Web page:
Simeiz (“Sign”) is located by the southern slopes of the main range of Crimean Mountains at the base of Mount Koshka, 18 kilometers (12 miles) west from Yalta.

There are prehistoric dolmens nearby; Simeiz (“Sign”) lies in the locality where at one time there were Tauri settlements and fortifications.

Their remains are to be found on the mount Koshka (“Cat-mount”)-it is the shape of the mountain resembles a sitting cat.

The height is 254 metres. On the mountain’s western slope lies the biggest Tauri necropolis on the Southern coast.

In the Middle Ages the area was under the control of the Byzantine Empire, which built a fortified monastery in the vicinity .

As the Byzantine power weakened, the area fell under the control of Genoa, which in its turn gave way to the Ottoman Empire; under the Ottomans the village was ruled from Mangup.

By 1778, with the departure of the Christian population, the village was depopulated.

The ruins of a monastery and fortified walls which stands on the seashore are seen near the Sail – Rock.

In 1828 Simeiz came into the ownership of Ivan Akimovich Maltsov, who planted grapevines and fruit orchards; at the start of the 20th century his descendants created a resort, Novy Simoiz, which quickly became one of the most prestigious resorts in the Crimea. In 1912 Nicholas II visited with his family. More…

This period saw the construction of a park and a number of villas which remain to this day. After the October Revolution, Simeiz was nationalized and public sanatoriums were created, mainly specializing in tuberculosis. In 1927 Simeiz was visited by around 10,000 people.

During World War II the Germans occupied Simeiz, causing much death and destruction; on April,16, 1944 Simeiz was liberated by the Red Army. On May, 18, 1944 the local Crimean Tatars were exiled to Central Asia. 

After the war, the resort experienced a rebirth, and the ruins were gone by 1955. Since the end of the Soviet Union, however, it has seriously deteriorated.

Simeiz observatory organized by an amateur astronomer and later Honored member of the Academy of Science, Mikhail Maltsov.

In 1900 he built a tower for refractor at his land plot near Simeiz. In 1906 — a tower with dome for Zeiss double astrograph. Both towers are preserved and being used nowadays.

In 1908, Maltsov handed his observatory to Pulkovo observatory as a present. In 1912, the first astrophysical department of Pulkovo observatory was officially opened at the south of Russia. Simeiz observatory is situated at the level of 360 meter above sea level at southern mountainside of the Crimean mountains, at Koshka mountain. A main building was restored after the Second World War on the basis of old building in modernized style with balconies decorated by columns.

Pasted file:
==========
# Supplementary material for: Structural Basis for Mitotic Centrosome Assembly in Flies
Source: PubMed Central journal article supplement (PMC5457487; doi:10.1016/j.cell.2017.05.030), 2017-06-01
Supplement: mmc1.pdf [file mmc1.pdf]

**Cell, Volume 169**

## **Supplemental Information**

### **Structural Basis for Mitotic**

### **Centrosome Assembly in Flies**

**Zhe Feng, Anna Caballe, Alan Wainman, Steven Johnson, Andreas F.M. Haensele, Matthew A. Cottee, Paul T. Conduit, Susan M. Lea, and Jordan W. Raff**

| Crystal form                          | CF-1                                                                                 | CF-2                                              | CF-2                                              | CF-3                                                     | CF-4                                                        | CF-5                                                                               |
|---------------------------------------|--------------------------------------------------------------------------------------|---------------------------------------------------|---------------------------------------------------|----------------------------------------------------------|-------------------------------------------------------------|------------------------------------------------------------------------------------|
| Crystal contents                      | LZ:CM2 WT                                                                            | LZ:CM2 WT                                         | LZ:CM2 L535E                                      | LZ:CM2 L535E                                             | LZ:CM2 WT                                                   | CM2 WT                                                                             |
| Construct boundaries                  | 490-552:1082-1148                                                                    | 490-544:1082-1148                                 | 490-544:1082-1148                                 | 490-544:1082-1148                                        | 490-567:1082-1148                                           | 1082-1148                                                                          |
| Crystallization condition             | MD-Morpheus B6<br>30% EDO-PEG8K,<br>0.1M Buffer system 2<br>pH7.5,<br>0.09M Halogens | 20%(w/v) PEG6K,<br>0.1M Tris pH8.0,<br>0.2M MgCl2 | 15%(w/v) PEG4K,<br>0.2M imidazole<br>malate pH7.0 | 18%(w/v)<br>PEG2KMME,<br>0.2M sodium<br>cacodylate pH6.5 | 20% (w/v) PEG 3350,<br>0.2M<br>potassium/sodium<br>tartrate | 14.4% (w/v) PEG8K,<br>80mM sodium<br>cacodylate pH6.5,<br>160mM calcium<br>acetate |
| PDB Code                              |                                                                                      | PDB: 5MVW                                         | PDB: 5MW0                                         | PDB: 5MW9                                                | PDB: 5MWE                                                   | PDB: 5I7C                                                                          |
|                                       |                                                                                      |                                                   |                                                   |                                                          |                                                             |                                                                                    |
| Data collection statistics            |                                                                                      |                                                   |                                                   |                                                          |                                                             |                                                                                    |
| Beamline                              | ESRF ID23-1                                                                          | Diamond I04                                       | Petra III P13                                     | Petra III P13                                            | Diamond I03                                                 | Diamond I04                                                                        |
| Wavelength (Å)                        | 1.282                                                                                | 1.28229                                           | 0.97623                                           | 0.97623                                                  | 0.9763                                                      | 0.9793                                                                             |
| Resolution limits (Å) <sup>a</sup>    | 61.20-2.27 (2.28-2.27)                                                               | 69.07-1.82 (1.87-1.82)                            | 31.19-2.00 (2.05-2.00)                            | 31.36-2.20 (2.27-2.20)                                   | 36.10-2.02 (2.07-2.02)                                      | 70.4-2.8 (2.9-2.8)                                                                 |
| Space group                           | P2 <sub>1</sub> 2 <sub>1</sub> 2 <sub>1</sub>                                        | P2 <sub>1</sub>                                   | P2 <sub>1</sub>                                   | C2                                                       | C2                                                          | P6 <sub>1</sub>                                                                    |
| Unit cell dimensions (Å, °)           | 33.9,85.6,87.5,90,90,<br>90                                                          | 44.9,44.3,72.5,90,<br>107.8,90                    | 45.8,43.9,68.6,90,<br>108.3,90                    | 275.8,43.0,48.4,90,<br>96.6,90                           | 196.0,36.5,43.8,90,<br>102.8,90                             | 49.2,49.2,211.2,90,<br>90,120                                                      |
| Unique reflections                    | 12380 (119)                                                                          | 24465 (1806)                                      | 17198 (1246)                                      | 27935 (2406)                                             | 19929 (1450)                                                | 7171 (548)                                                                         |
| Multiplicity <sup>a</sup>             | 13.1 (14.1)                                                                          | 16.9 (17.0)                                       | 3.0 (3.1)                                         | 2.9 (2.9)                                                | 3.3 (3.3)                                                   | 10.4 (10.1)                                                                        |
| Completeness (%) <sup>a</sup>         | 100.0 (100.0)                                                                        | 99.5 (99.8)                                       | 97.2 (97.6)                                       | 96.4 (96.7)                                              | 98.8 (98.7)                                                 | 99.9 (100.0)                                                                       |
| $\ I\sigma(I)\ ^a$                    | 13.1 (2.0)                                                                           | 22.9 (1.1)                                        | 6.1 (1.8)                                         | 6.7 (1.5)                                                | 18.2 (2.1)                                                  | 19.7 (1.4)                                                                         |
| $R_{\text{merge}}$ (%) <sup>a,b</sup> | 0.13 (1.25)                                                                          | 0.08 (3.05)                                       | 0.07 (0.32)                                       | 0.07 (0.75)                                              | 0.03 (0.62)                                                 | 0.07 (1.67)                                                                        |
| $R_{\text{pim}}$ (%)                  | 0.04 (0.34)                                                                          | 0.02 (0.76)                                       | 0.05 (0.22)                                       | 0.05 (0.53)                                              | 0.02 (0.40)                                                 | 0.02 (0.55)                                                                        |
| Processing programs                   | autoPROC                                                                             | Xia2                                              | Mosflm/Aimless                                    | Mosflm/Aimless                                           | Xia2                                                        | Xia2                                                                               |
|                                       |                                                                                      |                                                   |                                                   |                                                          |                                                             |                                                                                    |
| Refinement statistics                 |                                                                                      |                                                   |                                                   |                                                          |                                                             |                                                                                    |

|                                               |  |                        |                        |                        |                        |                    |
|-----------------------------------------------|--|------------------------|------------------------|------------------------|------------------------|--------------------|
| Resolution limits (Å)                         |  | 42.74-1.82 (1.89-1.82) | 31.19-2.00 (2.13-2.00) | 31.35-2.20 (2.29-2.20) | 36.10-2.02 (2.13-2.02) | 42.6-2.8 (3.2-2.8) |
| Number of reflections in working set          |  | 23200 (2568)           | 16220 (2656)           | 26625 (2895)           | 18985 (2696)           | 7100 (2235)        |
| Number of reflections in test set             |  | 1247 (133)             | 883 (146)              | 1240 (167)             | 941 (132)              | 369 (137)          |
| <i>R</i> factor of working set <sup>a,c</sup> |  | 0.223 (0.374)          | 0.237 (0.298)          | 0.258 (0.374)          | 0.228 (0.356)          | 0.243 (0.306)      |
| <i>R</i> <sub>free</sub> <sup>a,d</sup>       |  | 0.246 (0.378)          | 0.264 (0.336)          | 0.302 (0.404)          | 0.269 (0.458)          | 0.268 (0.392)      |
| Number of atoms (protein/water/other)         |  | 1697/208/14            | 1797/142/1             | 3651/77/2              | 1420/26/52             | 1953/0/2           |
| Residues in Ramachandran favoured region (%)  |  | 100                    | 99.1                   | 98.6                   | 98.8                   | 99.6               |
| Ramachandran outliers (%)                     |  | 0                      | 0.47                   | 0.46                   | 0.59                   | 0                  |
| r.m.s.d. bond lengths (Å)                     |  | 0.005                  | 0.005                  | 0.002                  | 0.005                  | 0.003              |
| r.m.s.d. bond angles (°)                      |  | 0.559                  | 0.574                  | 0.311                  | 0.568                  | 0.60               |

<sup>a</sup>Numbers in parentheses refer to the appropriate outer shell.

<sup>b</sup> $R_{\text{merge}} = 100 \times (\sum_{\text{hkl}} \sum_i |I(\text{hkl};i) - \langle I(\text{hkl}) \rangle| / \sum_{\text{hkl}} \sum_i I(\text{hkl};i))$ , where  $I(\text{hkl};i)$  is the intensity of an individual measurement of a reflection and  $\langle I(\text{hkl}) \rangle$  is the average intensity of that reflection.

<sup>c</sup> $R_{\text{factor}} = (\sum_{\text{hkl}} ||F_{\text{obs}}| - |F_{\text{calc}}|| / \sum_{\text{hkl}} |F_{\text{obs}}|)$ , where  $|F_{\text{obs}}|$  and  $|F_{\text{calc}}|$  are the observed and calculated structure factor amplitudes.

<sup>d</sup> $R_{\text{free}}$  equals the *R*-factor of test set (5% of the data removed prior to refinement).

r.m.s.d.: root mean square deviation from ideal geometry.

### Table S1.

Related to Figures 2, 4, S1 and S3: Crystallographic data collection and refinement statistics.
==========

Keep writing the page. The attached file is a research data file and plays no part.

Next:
Simeiz is a major scientific centre as well as a resort now. On the ridge ofmounting Koshka (“Cat-mount”) one can see the silver cupolas of the Semeiz Branch of the Crimean Astrophysical Observatory, which is famous for its contributions to the study of small planets and vital problems relating to the physics of the Sun. Simeiz Observatory was an astronomy research observatory until the mid 1950s.

One of the biggest telescopes in the world has been built for studying millimeter-long radio waves on the western side of mounting Koshka. Part of the Crimean Astrophysical Observatory, it is currently used for laser based studies of the orbits of satellites.

In 1969 the Crimean scientist conducted a unique joint study of quasars together with their colleges from the American National Observatory at Green Bank. The results of research of stars and the Sun represents an independent value.

Behind mountain Koshka lies the village of Blue Cove. Below, next to the sea, is the small settlement of Katsiveli. It is a resort region, located at the southern shore of Crimea – one of the most famous recreational territories of the former Soviet Union. A circular building there holds a storm pool where one can obtain any possible sea conditions. The hydro physicists study the deep-sea life not only under laboratory conditions, they also set off on distant expeditions on the ships with the special equipment.

Across from the resort sites of the Krivoy Rog Miner Holiday Hotel. The Crimean mountains

form the Kastropol Wall, which is well known to mountain-climbers. Among its features is a pass called the Devil’s Stairs, a canyon with a path, a neglected ancient road. At one time the road from the Southern Cost to Chersonesus passed through here.

Bidding farewell to the Southern Coast of the Crimea the poet Alexander Pushkin climbedthe Devil’s Stairs in 1820.

The talented Ukrainian poetess Lesia Ukrayinka dedicated some verses to this beautiful and poetic pass.


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